Mayday! Mayday! The skies were meant to fall in … what happened?

The British Office for National Statistics, which although recently revamped continues to have the most user-unfriendly homepage and dissemination service of all the national statistical agencies, published the latest – Retail Sales in Great Britain: July 2016 – data last week (August 18, 2016). It looked good to me. In the past week or so there has been a stream of data coming out of Britain or about Britain, which also looks good to me. What the hell is going on? The skies over Britain were meant to have fallen in by now. Unemployment was meant to be going through the roof or was the roof meant to collapse first. All manner of despair was meant to be visiting the shores of Britain after the June 23 vote to get out of the dysfunctional European Union. The reality is that things are looking okay there. Skies are intact and quite blue I believe which has boosted the confidence of British consumers. Tourism is booming. Unemployment is falling or at least those claiming unemployment benefits. One investment bank put out a briefing last month with a Mayday! Mayday! warning that unemployment was about to rise dramatically. Who has been sacked for that piece of public misinformation. George Osborne, remember him, said in mid-June that British public finances were about to collapse and an immediate, emergency fiscal response would be needed. Days have passed – things are looking ok. Eurozone nations should take note! Ignore the neo-liberal scare mongering. Follow Britain’s lead in abandoning the ridiculous notion that there is something special about ‘Europe’. Eurozone nations should get out of the currency union as soon as possible.

In the weeks after the Brexit vote, the sore losers were in abundance – predicting the worst and even worse, accusing those who voted the sensible way (to exit) of being dumb, racist, or regretful, or all three things.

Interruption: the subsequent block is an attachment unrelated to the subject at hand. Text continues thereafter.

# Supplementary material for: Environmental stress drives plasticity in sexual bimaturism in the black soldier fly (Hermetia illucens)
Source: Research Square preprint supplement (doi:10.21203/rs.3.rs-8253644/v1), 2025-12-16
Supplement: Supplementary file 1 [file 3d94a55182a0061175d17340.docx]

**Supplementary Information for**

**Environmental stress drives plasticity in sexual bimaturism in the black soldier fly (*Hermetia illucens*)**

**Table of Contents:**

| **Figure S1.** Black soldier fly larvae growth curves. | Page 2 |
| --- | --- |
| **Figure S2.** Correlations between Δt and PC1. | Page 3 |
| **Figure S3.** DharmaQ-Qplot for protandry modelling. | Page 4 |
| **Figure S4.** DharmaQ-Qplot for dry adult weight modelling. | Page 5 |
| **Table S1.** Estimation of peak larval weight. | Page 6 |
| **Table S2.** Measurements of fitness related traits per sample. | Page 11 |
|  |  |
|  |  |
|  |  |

What was going to happen? Scan back in the media and you will spikes of unemployment, financial collapse of the banks, diving sharemarkets, first division soccer teams losing players and the idiocy kept outdoing itself on a daily basis.

Remember back in mid-June, when the then (failed) Chancellor warned British citizens that if they voted to leave the European Union on June 23 it would be disastrous for the government finances.

The BBC report (June 15, 2016) – EU referendum: Osborne warns of Brexit budget cuts – documented the bullyboy tactics that Osborne employed to try to distort voter choice.

Osborne and his creepy partner-in-misinformation (Labour’s Chancellor Alistair Darling) told an audience that the Government would:

… have to slash public spending and increase taxes in an emergency Budget to tackle a £30bn “black hole” if the UK votes to leave the European Union.

Does sick joke come to mind!

In fact, the British ONS released data showing that the UK government actually was in surplus in July 2016.

Even with the evidence emerging to the contrary, they are still at it. William Keegan’s article in the UK Guardian (August 21, 2016) – Leavers should be ashamed of the harm yet to come from Brexit – is an example.

Keegan is playing it safe. He talks up things which are impossible to verify – among them being his claim that there is now ” an outbreak of buyer’s remorse”.